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Not in Kasas Anymore by Christine Wicker


I had read Ms. Wicker's book on Lilly Dale and couldn't wait to read this book.  Her insights into Lilly Dale gave me the idea that she might delve a little further into the world of magic than a surface scratch and some mumbo jumbo. 

While I found some of the material in this book interesting, I found that much of this book explored the "Ricky Lake" kind of characters that daytime TV would go for.  And I was disappointed by these explorations into drama and sensationalism that made this read more like a supermarket tabloid expose than a book that seriously looks at today's modern magical community and practices. 

The book opens with "Vampire and Victims Ball" where the attendees discuss their need to be blood suckers or the victims of blood suckers.  There was no tie to magic here; there is no reason to include this in the book, other than to point out that some of your neighbors may have social and psychological issues. 

There are some discussions with Cat Yronwode that are interesting, touching on the magical community and it's diversities, yet Ms. Wicker seems sometimes to not take Cat's or her husband's practices seriously.  As a matter of fact, when confronted by some of the more obscure practices she explores, Ms. Wicker seems to be very tongue in cheek in how she writes about them. 

I found her experience with the rootworker Kioni to be the closest she may have come to a real practitioner of magics.  And it does seem that of all the experiences she has in this book, this is one that makes the biggest impression on her.  She seems to come away from that experience with the most confusion about what it is that magic and spirits and the magical community are all about.  But she does not explore it much further than to find that she is confused but still steadfast in her own personal beliefs.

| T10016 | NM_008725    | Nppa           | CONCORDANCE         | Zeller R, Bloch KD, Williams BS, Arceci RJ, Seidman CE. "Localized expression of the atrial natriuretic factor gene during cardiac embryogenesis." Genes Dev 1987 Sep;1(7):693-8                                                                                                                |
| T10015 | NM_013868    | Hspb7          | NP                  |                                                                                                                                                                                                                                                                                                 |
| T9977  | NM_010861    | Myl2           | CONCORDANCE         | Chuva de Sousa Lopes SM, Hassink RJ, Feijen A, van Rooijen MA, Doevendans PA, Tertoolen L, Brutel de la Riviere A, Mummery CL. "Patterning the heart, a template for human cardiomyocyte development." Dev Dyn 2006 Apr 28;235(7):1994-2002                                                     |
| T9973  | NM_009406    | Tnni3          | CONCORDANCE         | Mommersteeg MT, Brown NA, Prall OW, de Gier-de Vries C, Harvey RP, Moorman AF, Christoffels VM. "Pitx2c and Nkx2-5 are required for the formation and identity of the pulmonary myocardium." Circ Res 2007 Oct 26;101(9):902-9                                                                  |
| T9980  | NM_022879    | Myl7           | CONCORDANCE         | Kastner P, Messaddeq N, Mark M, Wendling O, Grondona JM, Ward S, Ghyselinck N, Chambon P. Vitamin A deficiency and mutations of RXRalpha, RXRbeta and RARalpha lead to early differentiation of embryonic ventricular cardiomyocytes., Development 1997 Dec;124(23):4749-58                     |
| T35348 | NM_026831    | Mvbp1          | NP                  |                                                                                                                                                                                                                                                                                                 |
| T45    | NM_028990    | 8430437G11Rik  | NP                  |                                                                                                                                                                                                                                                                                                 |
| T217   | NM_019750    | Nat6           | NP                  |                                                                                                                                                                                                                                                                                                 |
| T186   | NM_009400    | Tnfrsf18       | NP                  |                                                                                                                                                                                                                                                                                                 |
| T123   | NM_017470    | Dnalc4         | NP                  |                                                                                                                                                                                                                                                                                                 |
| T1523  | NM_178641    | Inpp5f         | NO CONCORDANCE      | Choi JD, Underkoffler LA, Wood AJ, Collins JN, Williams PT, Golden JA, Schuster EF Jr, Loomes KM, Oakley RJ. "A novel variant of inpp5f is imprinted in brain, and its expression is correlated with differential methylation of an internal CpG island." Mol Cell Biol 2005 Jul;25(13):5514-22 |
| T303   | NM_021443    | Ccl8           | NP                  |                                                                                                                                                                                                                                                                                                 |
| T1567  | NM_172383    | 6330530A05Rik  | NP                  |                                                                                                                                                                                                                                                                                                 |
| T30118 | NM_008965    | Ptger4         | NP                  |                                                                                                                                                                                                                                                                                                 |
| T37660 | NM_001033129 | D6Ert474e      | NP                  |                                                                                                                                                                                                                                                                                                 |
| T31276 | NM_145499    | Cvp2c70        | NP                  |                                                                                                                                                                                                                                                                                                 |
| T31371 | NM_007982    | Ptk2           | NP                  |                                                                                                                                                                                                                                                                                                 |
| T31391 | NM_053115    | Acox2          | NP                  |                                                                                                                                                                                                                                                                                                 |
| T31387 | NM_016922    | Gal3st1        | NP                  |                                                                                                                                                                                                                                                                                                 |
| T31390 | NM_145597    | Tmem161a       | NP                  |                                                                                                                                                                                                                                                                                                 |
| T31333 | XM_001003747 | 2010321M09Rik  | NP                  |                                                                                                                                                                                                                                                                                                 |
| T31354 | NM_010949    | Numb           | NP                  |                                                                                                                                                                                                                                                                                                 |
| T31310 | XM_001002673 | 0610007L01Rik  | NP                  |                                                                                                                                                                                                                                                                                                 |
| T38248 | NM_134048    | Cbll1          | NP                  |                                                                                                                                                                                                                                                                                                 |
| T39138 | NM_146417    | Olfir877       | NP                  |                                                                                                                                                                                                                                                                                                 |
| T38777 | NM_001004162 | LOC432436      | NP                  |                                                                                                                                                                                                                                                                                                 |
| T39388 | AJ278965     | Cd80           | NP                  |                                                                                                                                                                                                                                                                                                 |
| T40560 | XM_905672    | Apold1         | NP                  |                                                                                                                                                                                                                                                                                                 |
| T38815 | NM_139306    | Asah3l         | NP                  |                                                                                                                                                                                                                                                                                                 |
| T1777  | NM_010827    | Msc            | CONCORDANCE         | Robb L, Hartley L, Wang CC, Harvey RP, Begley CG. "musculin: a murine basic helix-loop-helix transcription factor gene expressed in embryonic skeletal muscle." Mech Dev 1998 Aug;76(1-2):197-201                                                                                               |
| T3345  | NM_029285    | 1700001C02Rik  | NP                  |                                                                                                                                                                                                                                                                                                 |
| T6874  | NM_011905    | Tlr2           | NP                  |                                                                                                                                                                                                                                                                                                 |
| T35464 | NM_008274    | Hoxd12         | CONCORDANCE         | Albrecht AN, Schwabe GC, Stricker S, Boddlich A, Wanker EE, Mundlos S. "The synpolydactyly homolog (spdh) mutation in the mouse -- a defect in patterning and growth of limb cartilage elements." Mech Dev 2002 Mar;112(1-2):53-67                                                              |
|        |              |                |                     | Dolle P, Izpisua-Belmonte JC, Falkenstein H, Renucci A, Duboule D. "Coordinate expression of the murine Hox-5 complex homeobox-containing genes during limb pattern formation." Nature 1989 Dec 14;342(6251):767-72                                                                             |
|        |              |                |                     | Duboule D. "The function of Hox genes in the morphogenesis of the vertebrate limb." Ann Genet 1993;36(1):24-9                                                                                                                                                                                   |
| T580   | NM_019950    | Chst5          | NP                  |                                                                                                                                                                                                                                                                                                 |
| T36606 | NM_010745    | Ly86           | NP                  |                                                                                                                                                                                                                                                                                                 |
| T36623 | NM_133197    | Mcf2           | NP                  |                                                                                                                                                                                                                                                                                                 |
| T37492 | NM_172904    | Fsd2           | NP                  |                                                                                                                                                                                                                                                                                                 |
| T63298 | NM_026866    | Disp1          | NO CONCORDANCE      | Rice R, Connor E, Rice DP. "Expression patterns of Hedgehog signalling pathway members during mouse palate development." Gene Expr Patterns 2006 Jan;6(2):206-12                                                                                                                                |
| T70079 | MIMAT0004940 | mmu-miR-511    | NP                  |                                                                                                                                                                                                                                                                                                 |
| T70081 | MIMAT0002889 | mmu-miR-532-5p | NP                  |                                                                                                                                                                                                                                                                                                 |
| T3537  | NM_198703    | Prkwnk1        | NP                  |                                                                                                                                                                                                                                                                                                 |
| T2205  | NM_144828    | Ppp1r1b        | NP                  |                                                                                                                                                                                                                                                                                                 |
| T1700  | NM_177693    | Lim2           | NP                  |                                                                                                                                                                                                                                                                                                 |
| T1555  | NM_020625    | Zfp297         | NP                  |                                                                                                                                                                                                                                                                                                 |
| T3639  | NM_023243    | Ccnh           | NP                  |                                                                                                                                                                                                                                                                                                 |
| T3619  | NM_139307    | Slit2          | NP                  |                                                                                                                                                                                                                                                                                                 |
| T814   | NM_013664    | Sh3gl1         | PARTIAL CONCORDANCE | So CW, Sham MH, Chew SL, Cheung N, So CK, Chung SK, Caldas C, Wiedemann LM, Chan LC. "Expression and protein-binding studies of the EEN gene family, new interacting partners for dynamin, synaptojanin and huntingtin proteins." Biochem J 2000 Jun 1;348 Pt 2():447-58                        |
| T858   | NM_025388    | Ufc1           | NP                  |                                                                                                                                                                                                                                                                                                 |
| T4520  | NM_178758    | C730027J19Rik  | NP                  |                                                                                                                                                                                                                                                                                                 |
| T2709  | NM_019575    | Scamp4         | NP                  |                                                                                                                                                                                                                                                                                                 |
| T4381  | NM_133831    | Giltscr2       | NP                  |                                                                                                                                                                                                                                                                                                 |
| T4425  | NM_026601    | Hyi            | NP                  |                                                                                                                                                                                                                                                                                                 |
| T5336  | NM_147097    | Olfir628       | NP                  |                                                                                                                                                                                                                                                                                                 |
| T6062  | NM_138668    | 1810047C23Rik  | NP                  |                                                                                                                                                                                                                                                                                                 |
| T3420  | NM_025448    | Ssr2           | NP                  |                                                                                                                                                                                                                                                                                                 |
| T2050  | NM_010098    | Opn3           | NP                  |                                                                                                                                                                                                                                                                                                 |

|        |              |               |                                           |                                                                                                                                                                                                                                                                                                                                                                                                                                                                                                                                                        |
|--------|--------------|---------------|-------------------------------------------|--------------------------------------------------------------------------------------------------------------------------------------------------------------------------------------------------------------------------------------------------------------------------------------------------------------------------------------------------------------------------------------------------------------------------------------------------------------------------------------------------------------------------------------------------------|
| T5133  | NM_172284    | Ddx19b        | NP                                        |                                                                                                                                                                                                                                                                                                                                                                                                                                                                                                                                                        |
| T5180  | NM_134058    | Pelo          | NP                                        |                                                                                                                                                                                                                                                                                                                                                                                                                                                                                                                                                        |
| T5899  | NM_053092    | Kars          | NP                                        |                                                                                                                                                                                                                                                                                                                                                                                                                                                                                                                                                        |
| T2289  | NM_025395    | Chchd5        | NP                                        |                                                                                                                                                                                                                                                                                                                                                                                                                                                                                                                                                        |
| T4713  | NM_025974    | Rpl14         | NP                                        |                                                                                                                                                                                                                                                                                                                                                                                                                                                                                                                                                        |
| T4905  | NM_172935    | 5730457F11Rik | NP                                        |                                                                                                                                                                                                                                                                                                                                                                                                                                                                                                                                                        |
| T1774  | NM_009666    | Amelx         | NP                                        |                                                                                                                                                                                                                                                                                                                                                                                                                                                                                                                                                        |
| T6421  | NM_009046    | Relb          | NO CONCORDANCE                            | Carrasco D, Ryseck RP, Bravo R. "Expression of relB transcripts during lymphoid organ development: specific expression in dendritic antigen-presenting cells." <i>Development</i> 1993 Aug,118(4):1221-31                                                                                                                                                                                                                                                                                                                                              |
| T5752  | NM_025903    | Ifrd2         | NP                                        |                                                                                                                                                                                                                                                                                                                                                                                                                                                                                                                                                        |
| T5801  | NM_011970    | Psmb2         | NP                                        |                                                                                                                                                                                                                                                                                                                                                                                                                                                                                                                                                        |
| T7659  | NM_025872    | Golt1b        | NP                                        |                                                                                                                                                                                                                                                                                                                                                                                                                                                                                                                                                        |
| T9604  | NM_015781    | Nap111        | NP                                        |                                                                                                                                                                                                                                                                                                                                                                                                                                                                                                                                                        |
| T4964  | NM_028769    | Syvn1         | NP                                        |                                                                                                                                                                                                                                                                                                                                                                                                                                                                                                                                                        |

I do give her credit for being open minded enough to examine the magical community and to delve into the folk magic and hoodoo that is out there.  While my own impression of the side trips she took into some fringe groups are not my choice to explore, she does come away with some ideas as to how and why these fringe groups exist. 

I do notice that witches and Wiccans are briefly mentioned but not explored to their fullest.  I also noted that she used fluffy terms when she mentioned Wicca.  It seems that there are some ideas and misconceptions that she could have explored but found the fringe groups much more interesting. 

Overall, I was disappointed with this book, not because Ms. Wicker isn't a good writer with an open mind, but because it comes across like journalistic sensationalism out to sell a book.   It read more like a National Enquirer story than a story for the New York Times.  I had hoped for better.  

If you ever decide you want to explore witchcraft and Wicca, Ms.Wicker, drop me a line and we can leave the sensational journalism at the door and have a nice chat over some coffee and some chocolate bat's wing cookies.  We are not exactly who you think we are. boudica.

Reviewed by Boudica